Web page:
Pilots lock down cockpit over praying passengers

Discussion in 'Blogstand' started by tom911, Mar 13, 2011.  |  Print Topic

  1. tom911
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    tom911 Gold Member

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  2. sobore
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    sobore Gold Member

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    Everyone has the right to pray, but why a ceremony in-flight?
     
  3. doc
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    doc Silver Member

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    Sadly, a sign of the times.. :(
    The prevailing thought, if any, appears to be 'Better safe than sorry', I guess?
    As an American, while I understand the fear of safety, I also appreciate my freedoms.
    I find this somewhat embarassing.
     
  4. mhnadel
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    mhnadel Silver Member

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    Because Jewish prayers are done at specific times of day. In the case of a long enough flight, there isn't a lot of choice.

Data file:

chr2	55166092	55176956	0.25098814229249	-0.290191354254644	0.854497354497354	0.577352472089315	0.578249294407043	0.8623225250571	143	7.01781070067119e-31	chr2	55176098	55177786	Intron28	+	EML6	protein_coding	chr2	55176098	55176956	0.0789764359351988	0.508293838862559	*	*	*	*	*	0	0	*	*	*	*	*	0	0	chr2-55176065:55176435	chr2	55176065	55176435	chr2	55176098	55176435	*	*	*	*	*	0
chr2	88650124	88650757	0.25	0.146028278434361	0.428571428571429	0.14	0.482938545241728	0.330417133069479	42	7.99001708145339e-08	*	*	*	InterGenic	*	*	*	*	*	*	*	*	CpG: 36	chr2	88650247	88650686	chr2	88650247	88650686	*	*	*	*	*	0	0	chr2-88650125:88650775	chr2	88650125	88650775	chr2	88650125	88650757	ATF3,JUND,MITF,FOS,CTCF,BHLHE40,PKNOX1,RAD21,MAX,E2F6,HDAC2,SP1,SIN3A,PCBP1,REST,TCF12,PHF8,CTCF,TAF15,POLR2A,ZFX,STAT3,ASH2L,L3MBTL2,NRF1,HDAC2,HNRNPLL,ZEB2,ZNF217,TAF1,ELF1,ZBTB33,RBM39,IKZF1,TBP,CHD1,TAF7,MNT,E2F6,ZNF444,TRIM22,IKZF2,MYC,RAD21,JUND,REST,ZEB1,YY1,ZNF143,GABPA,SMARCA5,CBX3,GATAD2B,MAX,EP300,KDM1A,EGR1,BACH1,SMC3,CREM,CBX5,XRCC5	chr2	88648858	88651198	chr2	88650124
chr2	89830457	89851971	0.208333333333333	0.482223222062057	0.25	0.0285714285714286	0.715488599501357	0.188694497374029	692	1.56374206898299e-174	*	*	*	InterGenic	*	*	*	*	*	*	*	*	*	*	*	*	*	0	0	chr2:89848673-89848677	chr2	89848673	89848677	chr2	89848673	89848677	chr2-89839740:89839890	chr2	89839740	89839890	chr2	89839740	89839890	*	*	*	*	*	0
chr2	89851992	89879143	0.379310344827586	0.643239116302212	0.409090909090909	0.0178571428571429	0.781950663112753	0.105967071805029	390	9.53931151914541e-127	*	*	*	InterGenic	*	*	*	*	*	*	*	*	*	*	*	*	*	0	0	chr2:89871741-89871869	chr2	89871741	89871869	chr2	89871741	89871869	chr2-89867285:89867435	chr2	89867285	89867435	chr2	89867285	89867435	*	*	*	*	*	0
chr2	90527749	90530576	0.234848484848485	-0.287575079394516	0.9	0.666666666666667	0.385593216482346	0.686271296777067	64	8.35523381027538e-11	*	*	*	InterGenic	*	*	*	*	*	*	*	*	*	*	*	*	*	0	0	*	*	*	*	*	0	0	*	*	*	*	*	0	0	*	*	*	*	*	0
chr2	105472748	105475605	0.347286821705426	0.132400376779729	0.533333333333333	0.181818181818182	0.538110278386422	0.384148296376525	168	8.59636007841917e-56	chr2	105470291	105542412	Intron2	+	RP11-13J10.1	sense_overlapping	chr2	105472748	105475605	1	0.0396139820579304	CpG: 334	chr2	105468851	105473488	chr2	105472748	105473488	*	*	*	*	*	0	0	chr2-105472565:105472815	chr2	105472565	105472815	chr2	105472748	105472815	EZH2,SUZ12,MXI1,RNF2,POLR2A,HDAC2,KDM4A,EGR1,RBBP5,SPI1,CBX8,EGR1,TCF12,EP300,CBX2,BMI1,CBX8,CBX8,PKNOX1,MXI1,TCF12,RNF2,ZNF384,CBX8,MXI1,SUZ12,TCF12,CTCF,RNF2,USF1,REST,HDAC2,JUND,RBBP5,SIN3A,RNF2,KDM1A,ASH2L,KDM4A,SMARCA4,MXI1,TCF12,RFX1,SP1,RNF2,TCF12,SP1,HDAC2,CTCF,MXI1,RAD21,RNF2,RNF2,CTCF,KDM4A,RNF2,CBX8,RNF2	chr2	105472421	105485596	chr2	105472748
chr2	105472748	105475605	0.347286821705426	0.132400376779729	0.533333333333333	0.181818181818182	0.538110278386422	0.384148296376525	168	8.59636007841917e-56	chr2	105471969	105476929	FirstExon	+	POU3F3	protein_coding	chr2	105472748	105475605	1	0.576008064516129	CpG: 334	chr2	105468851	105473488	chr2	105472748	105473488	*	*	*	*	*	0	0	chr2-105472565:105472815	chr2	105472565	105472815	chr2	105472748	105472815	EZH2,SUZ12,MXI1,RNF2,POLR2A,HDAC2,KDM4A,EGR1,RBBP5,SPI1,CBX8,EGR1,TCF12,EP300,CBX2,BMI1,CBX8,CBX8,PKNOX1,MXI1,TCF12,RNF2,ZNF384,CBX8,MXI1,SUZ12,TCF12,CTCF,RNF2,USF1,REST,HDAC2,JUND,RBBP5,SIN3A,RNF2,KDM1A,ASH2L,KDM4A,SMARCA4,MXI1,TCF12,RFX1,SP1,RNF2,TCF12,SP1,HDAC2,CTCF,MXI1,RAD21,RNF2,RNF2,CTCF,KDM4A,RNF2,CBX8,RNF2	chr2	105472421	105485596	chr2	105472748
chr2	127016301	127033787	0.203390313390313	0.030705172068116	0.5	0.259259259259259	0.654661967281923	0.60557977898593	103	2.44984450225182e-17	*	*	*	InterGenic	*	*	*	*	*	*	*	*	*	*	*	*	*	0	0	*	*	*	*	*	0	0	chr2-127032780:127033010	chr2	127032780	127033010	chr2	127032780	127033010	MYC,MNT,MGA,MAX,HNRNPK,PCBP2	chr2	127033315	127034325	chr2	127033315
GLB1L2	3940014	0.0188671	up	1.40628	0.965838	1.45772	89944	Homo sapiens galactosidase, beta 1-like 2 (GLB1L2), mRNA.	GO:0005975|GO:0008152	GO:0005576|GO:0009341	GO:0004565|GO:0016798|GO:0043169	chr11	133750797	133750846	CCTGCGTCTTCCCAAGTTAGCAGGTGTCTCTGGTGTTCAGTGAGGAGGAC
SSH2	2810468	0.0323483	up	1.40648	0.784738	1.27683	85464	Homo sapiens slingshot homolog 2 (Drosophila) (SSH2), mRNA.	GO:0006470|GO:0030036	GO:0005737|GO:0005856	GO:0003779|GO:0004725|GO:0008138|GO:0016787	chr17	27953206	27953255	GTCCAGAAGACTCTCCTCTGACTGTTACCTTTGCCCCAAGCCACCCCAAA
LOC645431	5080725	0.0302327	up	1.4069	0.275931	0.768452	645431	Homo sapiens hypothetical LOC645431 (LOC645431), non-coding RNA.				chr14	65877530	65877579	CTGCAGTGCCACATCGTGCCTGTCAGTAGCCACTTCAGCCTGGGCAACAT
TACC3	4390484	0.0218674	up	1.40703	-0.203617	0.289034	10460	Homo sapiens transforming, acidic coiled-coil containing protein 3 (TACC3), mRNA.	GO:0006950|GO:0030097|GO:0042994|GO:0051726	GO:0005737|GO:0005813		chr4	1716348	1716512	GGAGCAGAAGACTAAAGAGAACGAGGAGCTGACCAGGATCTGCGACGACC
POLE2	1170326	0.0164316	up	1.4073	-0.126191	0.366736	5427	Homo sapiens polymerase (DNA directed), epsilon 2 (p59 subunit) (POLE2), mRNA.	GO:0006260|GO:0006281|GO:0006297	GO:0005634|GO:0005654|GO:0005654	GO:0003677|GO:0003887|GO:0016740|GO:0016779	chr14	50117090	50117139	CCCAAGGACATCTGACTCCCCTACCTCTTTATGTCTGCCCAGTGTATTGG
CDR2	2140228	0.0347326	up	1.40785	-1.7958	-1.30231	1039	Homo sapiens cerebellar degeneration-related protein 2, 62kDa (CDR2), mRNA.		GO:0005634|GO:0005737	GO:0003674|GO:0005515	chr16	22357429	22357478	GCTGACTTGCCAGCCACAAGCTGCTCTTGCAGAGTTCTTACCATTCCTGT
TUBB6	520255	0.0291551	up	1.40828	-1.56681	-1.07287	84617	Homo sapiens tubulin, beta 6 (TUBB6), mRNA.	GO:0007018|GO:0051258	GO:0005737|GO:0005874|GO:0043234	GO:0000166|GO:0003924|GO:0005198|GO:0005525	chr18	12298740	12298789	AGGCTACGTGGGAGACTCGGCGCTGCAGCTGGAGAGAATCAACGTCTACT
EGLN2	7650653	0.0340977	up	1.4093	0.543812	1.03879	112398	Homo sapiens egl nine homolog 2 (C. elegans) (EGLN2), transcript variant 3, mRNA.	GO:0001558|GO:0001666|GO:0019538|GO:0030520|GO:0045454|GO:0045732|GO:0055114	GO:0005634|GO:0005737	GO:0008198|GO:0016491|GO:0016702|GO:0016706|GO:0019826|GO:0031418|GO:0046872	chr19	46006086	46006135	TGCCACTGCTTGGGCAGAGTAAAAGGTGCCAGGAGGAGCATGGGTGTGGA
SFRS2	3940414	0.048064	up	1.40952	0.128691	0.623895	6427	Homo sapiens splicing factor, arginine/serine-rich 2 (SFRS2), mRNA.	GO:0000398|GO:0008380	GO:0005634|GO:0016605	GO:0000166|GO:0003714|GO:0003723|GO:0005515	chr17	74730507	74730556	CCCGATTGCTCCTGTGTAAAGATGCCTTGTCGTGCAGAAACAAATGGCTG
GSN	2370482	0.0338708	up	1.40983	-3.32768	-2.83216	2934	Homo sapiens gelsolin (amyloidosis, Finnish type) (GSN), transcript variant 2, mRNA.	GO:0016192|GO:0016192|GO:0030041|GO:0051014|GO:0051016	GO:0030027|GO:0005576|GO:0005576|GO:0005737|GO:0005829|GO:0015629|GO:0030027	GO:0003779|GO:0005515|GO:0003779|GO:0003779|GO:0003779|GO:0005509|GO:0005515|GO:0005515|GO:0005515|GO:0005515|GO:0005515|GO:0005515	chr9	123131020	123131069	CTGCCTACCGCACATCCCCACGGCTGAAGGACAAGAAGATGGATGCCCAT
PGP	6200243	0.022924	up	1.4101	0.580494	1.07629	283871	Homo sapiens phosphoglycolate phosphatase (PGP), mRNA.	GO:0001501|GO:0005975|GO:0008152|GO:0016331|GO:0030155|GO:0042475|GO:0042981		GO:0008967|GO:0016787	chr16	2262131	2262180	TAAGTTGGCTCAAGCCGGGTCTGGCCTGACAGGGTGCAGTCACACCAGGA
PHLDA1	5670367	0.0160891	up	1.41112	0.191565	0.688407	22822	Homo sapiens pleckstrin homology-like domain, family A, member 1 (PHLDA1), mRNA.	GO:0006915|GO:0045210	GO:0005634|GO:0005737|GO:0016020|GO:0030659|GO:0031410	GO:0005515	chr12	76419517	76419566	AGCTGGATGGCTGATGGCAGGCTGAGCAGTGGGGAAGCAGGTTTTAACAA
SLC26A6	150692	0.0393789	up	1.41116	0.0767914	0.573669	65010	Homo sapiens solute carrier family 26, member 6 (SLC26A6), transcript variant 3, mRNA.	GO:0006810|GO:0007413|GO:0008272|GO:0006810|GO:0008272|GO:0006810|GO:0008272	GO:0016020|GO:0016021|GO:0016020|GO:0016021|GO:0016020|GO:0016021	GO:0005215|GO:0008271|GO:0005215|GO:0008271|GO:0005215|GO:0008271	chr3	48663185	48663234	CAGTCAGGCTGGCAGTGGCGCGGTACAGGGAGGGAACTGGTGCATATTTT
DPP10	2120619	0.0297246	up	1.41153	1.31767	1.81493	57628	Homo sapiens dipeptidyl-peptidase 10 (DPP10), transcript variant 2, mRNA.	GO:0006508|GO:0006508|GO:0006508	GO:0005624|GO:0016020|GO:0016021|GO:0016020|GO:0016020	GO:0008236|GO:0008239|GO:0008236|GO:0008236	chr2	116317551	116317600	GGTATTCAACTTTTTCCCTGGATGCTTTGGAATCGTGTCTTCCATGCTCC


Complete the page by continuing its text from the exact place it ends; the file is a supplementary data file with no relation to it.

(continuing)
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  5. Scottrick
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    Scottrick Gold Member

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    There is a choice to not fly. Seriously, AS isn't required to let them pray. It's a private business. If they wanted to do something unfamiliar and potentially frightening (not that there actually is anything frighting, but some people overreact) then they should have asked first and received permission.
     
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  6. PTravel
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    PTravel Silver Member

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    It wasn't a "ceremony." It's how orthodox Jews pray.

    As a matter of fact, you're mistaken. AS is a common carrier engaged in interstate commerce and cannot discriminate against anyone based on religion.